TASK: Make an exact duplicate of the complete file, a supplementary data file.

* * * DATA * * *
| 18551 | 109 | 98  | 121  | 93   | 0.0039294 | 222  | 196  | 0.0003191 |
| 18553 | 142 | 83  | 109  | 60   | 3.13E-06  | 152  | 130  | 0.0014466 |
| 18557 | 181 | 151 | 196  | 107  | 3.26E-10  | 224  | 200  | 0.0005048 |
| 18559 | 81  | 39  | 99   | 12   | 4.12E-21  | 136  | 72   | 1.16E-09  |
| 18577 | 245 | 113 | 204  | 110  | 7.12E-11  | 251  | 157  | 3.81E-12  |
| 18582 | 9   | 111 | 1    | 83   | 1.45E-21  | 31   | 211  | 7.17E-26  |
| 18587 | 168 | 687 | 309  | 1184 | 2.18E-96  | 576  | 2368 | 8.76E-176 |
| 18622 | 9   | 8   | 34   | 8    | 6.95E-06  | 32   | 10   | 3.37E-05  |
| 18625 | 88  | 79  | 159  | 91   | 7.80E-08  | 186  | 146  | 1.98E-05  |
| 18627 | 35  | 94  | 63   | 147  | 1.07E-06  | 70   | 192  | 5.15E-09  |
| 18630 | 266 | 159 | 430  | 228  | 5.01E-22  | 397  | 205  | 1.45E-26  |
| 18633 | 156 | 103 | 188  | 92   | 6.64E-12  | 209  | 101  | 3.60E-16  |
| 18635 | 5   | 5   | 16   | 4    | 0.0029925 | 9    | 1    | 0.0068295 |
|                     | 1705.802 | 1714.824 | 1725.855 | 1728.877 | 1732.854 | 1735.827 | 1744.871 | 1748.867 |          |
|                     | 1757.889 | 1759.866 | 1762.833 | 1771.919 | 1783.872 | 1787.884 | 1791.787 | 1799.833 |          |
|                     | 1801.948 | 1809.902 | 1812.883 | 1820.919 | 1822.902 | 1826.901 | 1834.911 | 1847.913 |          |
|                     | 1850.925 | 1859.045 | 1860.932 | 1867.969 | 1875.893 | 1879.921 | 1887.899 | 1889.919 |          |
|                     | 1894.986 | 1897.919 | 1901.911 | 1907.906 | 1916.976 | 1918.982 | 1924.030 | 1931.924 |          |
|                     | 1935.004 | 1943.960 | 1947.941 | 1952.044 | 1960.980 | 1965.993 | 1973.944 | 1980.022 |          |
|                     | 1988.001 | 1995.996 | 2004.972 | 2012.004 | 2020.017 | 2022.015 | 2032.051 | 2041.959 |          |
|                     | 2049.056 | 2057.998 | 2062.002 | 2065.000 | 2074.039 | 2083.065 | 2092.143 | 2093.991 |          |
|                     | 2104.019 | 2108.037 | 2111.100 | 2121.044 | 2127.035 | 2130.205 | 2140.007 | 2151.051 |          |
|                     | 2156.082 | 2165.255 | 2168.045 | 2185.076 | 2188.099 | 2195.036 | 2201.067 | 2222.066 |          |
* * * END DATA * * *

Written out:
| 18551 | 109 | 98  | 121  | 93   | 0.0039294 | 222  | 196  | 0.0003191 |
| 18553 | 142 | 83  | 109  | 60   | 3.13E-06  | 152  | 130  | 0.0014466 |
| 18557 | 181 | 151 | 196  | 107  | 3.26E-10  | 224  | 200  | 0.0005048 |
| 18559 | 81  | 39  | 99   | 12   | 4.12E-21  | 136  | 72   | 1.16E-09  |
| 18577 | 245 | 113 | 204  | 110  | 7.12E-11  | 251  | 157  | 3.81E-12  |
| 18582 | 9   | 111 | 1    | 83   | 1.45E-21  | 31   | 211  | 7.17E-26  |
| 18587 | 168 | 687 | 309  | 1184 | 2.18E-96  | 576  | 2368 | 8.76E-176 |
| 18622 | 9   | 8   | 34   | 8    | 6.95E-06  | 32   | 10   | 3.37E-05  |
| 18625 | 88  | 79  | 159  | 91   | 7.80E-08  | 186  | 146  | 1.98E-05  |
| 18627 | 35  | 94  | 63   | 147  | 1.07E-06  | 70   | 192  | 5.15E-09  |
| 18630 | 266 | 159 | 430  | 228  | 5.01E-22  | 397  | 205  | 1.45E-26  |
| 18633 | 156 | 103 | 188  | 92   | 6.64E-12  | 209  | 101  | 3.60E-16  |
| 18635 | 5   | 5   | 16   | 4    | 0.0029925 | 9    | 1    | 0.0068295 |
|                     | 1705.802 | 1714.824 | 1725.855 | 1728.877 | 1732.854 | 1735.827 | 1744.871 | 1748.867 |          |
|                     | 1757.889 | 1759.866 | 1762.833 | 1771.919 | 1783.872 | 1787.884 | 1791.787 | 1799.833 |          |
|                     | 1801.948 | 1809.902 | 1812.883 | 1820.919 | 1822.902 | 1826.901 | 1834.911 | 1847.913 |          |
|                     | 1850.925 | 1859.045 | 1860.932 | 1867.969 | 1875.893 | 1879.921 | 1887.899 | 1889.919 |          |
|                     | 1894.986 | 1897.919 | 1901.911 | 1907.906 | 1916.976 | 1918.982 | 1924.030 | 1931.924 |          |
|                     | 1935.004 | 1943.960 | 1947.941 | 1952.044 | 1960.980 | 1965.993 | 1973.944 | 1980.022 |          |
|                     | 1988.001 | 1995.996 | 2004.972 | 2012.004 | 2020.017 | 2022.015 | 2032.051 | 2041.959 |          |
|                     | 2049.056 | 2057.998 | 2062.002 | 2065.000 | 2074.039 | 2083.065 | 2092.143 | 2093.991 |          |
|                     | 2104.019 | 2108.037 | 2111.100 | 2121.044 | 2127.035 | 2130.205 | 2140.007 | 2151.051 |          |
|                     | 2156.082 | 2165.255 | 2168.045 | 2185.076 | 2188.099 | 2195.036 | 2201.067 | 2222.066 |          |